Friday, January 29, 1999
Europe favours families
Parents get more government help overseas: ReportBy Laurie Monsebraaten
Toronto Star Social Policy Reporter
Parents in Europe get more government help than parents in Canada, according to an international study to be released today.
To make matters worse, most Canadian mothers work full-time, while many European mothers do not.
The comparative survey of eight Western countries was conducted by the Canadian Policy Research Networks Inc., an Ottawa think-tank. It shows that, unlike Canada, European countries have a wide range of measures to support families and children.
Family policies in France, Germany, the Netherlands, Norway and Sweden include benefits for part-time workers, flexible working hours, extensive parental leave, family leave, child care, allowances, tax benefits and income support.
Meanwhile, Canada, the United Kingdom and the United States generally leave it up to parents to choose how they want to balance their work and family life. And they expect parents to deal with the difficulties of those choices privately.
Canada is second only to the United States in its ambivalence toward parents with young children, according to the study. Family policy in the United Kingdom is somewhat more advanced than Canada, but lags behind the European countries.
``Because we live next to the United States, we tend to use that model without looking further abroad,'' said Judith Maxwell, president of the social and economic policy research organization.
``The purpose of this study is to show that there are different models out there,'' she said. ``It's important that every country think through what model it is applying to make sure it's consistent with its basic value system.''
Public polling shows that Canadians value investing in the next generation, Maxwell said in an interview yesterday.
``If that's what we want to achieve, then do we have the policy structure in place to make that happen? If we did want to review that policy structure, here are some models.''
Questions about how much money a country is prepared to invest, where it will be spent and where the money will come from - government, employer or family - are all part of building a family policy model, she added.
``What we have provided is a menu of models that I think really helps to inform the debate,'' she said.
In most countries studied, there was a strong consensus that both spouses should contribute to household income. And yet a majority of men and women in all countries believe that the family suffers if both spouses work. And most worry about the impact on preschool children.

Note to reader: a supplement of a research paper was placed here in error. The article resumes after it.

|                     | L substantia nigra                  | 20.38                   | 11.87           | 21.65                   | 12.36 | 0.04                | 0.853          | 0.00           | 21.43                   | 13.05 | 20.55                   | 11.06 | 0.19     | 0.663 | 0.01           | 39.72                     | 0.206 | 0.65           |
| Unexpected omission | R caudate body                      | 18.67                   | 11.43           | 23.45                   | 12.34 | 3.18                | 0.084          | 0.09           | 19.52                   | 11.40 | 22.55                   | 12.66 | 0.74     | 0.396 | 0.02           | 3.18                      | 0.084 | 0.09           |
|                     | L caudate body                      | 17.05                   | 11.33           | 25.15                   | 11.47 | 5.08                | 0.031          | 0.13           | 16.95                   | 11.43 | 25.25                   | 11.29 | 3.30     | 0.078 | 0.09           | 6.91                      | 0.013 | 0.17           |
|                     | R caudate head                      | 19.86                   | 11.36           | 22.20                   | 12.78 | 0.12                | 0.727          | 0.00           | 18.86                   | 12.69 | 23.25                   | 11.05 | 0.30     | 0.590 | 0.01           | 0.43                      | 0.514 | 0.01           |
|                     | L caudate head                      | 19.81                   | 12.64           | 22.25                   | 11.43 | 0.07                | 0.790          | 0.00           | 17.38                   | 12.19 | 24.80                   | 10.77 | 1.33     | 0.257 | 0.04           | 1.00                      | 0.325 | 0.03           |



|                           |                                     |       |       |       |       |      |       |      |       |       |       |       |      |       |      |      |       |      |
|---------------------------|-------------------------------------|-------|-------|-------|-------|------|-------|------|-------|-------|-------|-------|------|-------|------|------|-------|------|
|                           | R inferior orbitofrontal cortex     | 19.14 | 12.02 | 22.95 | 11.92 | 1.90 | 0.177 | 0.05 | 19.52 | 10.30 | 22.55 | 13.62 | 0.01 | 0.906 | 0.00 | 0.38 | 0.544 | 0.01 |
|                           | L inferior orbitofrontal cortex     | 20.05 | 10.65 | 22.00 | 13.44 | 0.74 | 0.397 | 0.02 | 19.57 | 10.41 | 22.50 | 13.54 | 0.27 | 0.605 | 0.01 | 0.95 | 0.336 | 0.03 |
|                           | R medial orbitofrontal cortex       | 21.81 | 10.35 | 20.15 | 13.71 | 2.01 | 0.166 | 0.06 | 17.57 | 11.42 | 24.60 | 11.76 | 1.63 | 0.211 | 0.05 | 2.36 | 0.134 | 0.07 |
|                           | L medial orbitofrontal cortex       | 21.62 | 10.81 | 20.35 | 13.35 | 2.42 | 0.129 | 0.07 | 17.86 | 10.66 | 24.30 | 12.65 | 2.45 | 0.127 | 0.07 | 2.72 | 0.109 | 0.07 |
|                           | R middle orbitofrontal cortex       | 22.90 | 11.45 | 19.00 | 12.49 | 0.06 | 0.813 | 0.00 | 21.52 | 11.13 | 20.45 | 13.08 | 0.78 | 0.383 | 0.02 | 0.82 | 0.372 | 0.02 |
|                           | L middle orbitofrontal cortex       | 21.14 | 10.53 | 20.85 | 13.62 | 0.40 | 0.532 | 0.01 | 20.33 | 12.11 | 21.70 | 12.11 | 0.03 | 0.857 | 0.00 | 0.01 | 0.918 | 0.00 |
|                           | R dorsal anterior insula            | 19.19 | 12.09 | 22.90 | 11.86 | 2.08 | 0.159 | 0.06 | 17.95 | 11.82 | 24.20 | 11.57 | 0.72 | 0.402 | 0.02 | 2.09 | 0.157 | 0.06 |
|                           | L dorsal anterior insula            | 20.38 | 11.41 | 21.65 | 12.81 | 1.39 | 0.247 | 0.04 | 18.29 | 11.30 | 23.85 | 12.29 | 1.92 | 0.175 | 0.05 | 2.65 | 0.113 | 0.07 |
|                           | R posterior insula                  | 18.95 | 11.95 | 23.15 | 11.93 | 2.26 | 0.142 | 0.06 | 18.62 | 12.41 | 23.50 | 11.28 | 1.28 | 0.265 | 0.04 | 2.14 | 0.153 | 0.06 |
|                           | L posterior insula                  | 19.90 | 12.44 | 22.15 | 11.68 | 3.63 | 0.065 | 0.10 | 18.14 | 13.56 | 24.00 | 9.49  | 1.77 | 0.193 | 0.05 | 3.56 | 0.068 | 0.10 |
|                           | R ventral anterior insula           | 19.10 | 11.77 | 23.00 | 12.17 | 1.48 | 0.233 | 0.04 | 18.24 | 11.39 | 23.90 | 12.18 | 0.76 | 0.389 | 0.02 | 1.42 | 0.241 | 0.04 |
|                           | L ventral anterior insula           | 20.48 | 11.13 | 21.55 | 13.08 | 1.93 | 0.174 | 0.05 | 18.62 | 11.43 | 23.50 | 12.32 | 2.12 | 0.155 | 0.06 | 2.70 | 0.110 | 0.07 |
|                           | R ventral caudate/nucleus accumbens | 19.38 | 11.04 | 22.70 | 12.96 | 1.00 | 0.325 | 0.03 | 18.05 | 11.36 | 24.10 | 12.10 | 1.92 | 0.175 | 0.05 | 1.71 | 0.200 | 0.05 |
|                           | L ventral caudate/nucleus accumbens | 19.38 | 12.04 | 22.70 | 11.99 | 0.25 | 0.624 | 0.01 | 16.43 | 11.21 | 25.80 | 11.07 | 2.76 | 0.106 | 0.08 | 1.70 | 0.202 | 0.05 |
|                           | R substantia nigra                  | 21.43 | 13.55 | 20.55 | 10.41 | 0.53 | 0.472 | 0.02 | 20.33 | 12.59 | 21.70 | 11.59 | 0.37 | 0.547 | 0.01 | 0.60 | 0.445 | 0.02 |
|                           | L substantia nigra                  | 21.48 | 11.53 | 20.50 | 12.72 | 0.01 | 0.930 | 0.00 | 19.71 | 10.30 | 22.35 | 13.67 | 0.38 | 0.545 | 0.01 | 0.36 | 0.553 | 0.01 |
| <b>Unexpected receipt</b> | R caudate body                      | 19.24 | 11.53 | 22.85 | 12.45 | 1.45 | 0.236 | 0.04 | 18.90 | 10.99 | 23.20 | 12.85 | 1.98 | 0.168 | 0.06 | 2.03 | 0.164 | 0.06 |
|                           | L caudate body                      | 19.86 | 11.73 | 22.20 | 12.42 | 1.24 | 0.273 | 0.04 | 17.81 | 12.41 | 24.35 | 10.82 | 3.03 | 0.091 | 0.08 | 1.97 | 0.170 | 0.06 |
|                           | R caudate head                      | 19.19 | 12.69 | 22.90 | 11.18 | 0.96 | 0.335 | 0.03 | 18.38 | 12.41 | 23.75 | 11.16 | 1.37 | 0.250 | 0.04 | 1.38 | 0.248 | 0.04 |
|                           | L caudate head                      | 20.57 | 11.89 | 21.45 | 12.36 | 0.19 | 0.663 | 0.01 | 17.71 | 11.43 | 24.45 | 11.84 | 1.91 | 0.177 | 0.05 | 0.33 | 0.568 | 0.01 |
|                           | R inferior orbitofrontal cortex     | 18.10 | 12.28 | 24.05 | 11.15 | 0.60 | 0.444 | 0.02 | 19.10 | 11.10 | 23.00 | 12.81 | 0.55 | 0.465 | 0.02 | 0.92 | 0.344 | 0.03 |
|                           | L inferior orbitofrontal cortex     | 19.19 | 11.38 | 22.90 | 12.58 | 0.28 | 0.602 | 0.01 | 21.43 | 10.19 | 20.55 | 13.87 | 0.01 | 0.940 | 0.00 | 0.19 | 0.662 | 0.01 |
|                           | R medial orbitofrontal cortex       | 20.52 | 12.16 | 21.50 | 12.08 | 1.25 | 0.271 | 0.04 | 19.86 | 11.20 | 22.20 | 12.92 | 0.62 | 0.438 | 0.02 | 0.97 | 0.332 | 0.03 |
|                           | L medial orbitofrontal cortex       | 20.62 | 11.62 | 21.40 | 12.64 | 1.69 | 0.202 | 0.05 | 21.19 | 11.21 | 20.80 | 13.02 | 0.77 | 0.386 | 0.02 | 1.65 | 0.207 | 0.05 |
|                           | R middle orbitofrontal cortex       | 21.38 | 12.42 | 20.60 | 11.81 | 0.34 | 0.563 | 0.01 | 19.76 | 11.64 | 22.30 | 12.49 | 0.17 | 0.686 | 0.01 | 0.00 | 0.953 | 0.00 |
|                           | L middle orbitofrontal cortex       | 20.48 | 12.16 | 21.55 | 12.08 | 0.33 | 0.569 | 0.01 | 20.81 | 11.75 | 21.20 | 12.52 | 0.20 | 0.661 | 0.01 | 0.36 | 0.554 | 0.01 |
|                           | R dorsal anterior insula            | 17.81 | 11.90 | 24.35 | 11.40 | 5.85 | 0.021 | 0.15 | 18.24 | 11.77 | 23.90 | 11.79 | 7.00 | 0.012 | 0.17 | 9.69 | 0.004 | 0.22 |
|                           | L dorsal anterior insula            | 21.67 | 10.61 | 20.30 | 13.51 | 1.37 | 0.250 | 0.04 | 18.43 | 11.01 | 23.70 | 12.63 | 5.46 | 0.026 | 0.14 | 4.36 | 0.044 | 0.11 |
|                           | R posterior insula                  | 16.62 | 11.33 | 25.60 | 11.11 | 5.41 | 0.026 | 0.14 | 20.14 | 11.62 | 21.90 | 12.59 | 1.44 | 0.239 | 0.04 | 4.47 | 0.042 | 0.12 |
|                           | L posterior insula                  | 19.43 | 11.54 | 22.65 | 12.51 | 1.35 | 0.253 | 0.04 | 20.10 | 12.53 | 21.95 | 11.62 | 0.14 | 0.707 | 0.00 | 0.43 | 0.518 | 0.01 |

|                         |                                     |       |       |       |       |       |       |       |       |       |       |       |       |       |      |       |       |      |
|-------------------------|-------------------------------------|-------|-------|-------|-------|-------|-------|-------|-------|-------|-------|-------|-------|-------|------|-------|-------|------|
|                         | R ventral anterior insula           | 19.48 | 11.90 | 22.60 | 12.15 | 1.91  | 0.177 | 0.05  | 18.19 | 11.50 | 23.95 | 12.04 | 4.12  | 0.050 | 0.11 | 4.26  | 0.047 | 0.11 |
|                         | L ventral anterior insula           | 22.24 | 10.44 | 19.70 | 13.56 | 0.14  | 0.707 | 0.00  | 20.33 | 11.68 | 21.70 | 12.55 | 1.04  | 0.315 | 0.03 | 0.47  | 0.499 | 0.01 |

``The key difference between Canada and many of these countries is that because of the consensus on the role that the state should play in supporting families, they have been able to move ahead on policies that support families,'' researcher Kathy O'Hara said.
But the lack of public consensus on how families should balance work and family responsibilities shouldn't lead to policy paralysis, the report argues.
Public opinion in this area is equally mixed in France, Norway and even Sweden, the study found. And yet those countries responded by implementing a wide range of options for families.
This is perhaps the ``the most important lesson for Canada,'' the report notes.
``Rather than ambivalence leading to standstill in the development of any family policy, it led to a diversity of policy.''
`Because we live next to the United States, we tend to use that model without looking further abroad.'
- Judith Maxwell
Canada needs to start working on a large and flexible range of options to meet the needs of families in different circumstances and with different values and behaviours, the report concludes.
``There is unlikely to be a `one size fits all' family policy that will meet the needs of all or perhaps even most families in Canada,'' it says.
Some families prefer to have a parent at home when children are young and want government support for a stay-at-home parent. Others would prefer help paying for child care so they can work.
Some parents strongly support formal, regulated child care, while others prefer child care at home. Some may want to work, but may prefer part-time work, flexible hours or parental leave options.
But first, Canadians need ``a commitment to allocate resources to children and families and consensus on the need for government to actively support families,'' the study concludes.
The study is the first in a series of research reports looking into how governments might best improve outcomes for Canadian children.
Last spring, Maxwell's group released a national poll that revealed that 92 per cent of Canadians want ``programs like child care or parental leaves to help families balance work and family responsibilities.''
The survey also found that 61 per cent believe Canada spends ``too little'' on children compared to seniors, the environment and defence.
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